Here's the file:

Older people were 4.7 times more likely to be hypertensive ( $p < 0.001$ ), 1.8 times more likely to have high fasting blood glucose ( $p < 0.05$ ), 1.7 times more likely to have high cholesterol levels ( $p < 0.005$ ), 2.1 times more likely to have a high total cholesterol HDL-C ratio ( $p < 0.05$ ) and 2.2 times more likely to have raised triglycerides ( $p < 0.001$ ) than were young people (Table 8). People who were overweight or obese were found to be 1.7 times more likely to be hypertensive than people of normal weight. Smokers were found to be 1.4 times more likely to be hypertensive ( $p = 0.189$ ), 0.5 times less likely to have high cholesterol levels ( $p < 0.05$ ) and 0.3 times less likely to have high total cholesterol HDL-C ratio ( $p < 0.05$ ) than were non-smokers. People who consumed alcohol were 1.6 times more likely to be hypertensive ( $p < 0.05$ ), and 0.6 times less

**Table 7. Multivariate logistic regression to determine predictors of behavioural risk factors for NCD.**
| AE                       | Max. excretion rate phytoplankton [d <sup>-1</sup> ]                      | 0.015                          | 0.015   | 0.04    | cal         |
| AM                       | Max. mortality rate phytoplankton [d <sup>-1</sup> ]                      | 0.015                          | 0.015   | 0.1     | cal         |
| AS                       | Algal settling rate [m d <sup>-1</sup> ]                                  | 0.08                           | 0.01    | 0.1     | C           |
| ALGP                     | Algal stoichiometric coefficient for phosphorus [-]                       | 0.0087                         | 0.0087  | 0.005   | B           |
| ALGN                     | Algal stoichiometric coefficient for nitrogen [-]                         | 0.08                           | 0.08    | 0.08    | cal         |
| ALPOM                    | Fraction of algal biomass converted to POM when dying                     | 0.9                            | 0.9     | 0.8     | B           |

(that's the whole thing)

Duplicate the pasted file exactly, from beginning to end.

Older people were 4.7 times more likely to be hypertensive ( $p < 0.001$ ), 1.8 times more likely to have high fasting blood glucose ( $p < 0.05$ ), 1.7 times more likely to have high cholesterol levels ( $p < 0.005$ ), 2.1 times more likely to have a high total cholesterol HDL-C ratio ( $p < 0.05$ ) and 2.2 times more likely to have raised triglycerides ( $p < 0.001$ ) than were young people (Table 8). People who were overweight or obese were found to be 1.7 times more likely to be hypertensive than people of normal weight. Smokers were found to be 1.4 times more likely to be hypertensive ( $p = 0.189$ ), 0.5 times less likely to have high cholesterol levels ( $p < 0.05$ ) and 0.3 times less likely to have high total cholesterol HDL-C ratio ( $p < 0.05$ ) than were non-smokers. People who consumed alcohol were 1.6 times more likely to be hypertensive ( $p < 0.05$ ), and 0.6 times less

**Table 7. Multivariate logistic regression to determine predictors of behavioural risk factors for NCD.**
| AE                       | Max. excretion rate phytoplankton [d <sup>-1</sup> ]                      | 0.015                          | 0.015   | 0.04    | cal         |
| AM                       | Max. mortality rate phytoplankton [d <sup>-1</sup> ]                      | 0.015                          | 0.015   | 0.1     | cal         |
| AS                       | Algal settling rate [m d <sup>-1</sup> ]                                  | 0.08                           | 0.01    | 0.1     | C           |
| ALGP                     | Algal stoichiometric coefficient for phosphorus [-]                       | 0.0087                         | 0.0087  | 0.005   | B           |
| ALGN                     | Algal stoichiometric coefficient for nitrogen [-]                         | 0.08                           | 0.08    | 0.08    | cal         |
| ALPOM                    | Fraction of algal biomass converted to POM when dying                     | 0.9                            | 0.9     | 0.8     | B           |